Commercial-scale regional “regenerative food chains” can provide healthy and affordable foods to nearby cities. Our goal is to organize profitable regenerative farms and ranches to supply these local food chains. Planned economies-of-scale and steady profits are essential because skilled producers must make a decent living while they rebuild depleted soil, water and wildlife resources.
Our long term plans include commercial-scale organic fruit and vegetable operations linked to pasture-based organic farms. Experience has shown that many fruits and vegetables can be grown in the Midwest using modern crop rotations supported by four-season growing systems as shown above.
Agronomists and nutritionists know that soil health affects human health. But according to the USDA, soil fertility is in decline across the world, including in the United States. Starting in 1945, the USDA began tracking declines in pasture and rangeland in the United States. Their grassland pasture and range data show steady losses compared to relatively rapid increases in harvested crop acres.
These data document a shift away from raising beef and dairy cattle primarily on pasture and rangeland in favor of feeding harvested crops in confinement. Petroleum inputs are required for nearly all of these crops. Please see “Why the Milk Train Stopped” on this site for a real life summary of this process.
These deficits can be corrected with organic, pasture-based farming systems where cattle and other ruminants are rotated through combinations of permanent and temporary pastures and cropland.
The permanent pastures (think carbon sinks) include nitrogen fixing legumes (like clover) along with grasses that thrive in cool and warm weather. The right grasses, in combination with careful livestock management return nutrients to the soil, and at the same time, eliminate the need for petroleum-based fertilizers, pesticides and herbicides. This sets the stage for organic orchards, vineyards and gardens for nearby cities.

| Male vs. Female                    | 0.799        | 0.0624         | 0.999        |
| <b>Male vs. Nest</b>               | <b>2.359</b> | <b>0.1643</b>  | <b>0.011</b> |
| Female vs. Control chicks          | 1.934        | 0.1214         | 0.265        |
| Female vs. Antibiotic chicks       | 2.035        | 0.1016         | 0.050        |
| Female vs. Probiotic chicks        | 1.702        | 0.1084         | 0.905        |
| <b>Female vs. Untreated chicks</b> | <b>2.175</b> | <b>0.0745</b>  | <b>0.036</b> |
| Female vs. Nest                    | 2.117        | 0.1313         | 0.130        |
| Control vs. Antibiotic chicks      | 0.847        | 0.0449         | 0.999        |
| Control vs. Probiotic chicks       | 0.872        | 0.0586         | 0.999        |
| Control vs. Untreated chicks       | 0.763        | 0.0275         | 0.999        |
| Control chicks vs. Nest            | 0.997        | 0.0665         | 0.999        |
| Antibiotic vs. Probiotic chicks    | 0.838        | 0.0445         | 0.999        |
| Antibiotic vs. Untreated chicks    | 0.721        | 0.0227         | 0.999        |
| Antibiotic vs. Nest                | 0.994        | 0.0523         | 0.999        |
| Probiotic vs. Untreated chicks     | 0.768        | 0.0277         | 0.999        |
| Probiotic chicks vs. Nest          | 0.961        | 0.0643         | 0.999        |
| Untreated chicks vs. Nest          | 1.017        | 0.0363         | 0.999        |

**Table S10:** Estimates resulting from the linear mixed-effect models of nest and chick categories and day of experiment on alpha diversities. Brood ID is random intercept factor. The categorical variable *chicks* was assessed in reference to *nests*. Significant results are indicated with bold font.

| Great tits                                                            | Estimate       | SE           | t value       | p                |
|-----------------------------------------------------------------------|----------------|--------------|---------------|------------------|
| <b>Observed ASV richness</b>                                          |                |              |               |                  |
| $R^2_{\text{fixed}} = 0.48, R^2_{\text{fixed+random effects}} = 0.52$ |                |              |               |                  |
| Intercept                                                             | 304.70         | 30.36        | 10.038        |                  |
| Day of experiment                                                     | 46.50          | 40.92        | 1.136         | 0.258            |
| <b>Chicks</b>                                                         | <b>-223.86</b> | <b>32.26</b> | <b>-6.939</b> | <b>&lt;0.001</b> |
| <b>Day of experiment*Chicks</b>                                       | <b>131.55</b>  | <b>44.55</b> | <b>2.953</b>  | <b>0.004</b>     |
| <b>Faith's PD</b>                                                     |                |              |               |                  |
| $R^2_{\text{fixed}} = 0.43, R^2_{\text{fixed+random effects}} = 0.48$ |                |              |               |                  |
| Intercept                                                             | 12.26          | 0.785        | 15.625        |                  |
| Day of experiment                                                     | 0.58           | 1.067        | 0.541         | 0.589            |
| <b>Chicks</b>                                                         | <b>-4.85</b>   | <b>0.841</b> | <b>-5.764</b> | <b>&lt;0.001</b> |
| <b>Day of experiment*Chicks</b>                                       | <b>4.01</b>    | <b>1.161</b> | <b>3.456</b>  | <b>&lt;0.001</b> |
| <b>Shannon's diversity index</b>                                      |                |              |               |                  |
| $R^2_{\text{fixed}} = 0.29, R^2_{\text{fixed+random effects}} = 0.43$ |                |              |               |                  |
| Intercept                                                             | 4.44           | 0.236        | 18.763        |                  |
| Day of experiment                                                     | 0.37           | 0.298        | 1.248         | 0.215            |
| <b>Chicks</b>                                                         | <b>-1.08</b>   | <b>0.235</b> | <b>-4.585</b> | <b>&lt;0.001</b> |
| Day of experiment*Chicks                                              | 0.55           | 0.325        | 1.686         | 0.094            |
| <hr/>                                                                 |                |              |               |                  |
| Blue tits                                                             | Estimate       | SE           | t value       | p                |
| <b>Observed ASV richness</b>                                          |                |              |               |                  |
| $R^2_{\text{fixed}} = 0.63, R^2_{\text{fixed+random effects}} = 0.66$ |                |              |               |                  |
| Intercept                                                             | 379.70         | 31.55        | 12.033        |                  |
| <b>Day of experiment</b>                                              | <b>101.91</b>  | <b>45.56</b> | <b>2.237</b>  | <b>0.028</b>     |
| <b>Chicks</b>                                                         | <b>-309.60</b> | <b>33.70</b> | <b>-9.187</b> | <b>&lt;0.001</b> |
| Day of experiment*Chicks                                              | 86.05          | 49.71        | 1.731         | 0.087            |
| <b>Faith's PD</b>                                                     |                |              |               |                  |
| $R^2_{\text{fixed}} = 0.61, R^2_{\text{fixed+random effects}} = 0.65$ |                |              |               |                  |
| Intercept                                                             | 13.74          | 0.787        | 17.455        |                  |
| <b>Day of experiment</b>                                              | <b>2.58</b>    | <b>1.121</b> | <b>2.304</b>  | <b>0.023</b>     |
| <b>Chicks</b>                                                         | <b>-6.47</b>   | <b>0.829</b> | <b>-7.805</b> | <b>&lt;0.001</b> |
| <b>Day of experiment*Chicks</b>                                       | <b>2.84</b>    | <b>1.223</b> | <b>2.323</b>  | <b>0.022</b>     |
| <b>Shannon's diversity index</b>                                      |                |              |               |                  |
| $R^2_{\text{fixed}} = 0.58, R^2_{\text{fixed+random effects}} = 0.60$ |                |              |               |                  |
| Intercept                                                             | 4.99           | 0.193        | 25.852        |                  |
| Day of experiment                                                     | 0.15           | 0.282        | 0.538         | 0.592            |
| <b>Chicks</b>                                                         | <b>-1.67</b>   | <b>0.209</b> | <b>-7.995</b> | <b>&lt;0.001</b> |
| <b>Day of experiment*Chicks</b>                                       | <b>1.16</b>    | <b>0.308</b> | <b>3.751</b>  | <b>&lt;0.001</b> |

Regenerative Farm Profits = Soil Health = Human Health
Why meat and poultry? After all, most human health and animal welfare experts recommend that consumers reduce their consumption of meat, poultry and dairy products. We agree.
Regenerative food chains must include far more organic grains, lentils. fresh vegetables and fruit. In fact, systematically replacing protean from meat, dairy and poultry with organic grains and lentils, etc. will improve our national diet and environment. These changes will require far fewer cattle, hogs and chickens. Still, these complex organic crop rotations will require profitable cattle operations. With informed consumer support, we can convert more acres to proven pasture-based regenerative methods that reduce global warming while improving both soil and human health.
Informed Consumer Support
Over time, foods from pasture-based farms and organic ranches will compete in nearby grocery stores with conventional foods on health, price and environmental benefits. Replacing year-around confinement feeding of beef and dairy cattle will reduce costs for farm chemicals, water and energy along with capital costs for confinement buildings and equipment. Growing and processing organic grain for nearby free range pork and poultry operations will add to these savings, as will lower food miles. These savings will help offset higher labor costs required for regional organic food systems and healthy rural economies.
Farmland Succession Depends on Regenerative Agriculture
Farmland succession within rural communities is essential to regenerative agriculture. We need more people on the land with real institutional knowledge about sustainable production, processing and retail systems. Therefore, our ultimate goal is to build consumer demand in the Missouri Valley for profitable, farmer-owned brands so that farmers and ranchers can pass their land to the next generation.
Finally and most important, farmland succession and regenerative farming will not happen without financing and consumer support. Please see page 2 on this website for an introduction to financing regenerative agriculture and page 3 for our approach to marketing.
Posted 02-17-2020, edited 05-23-2021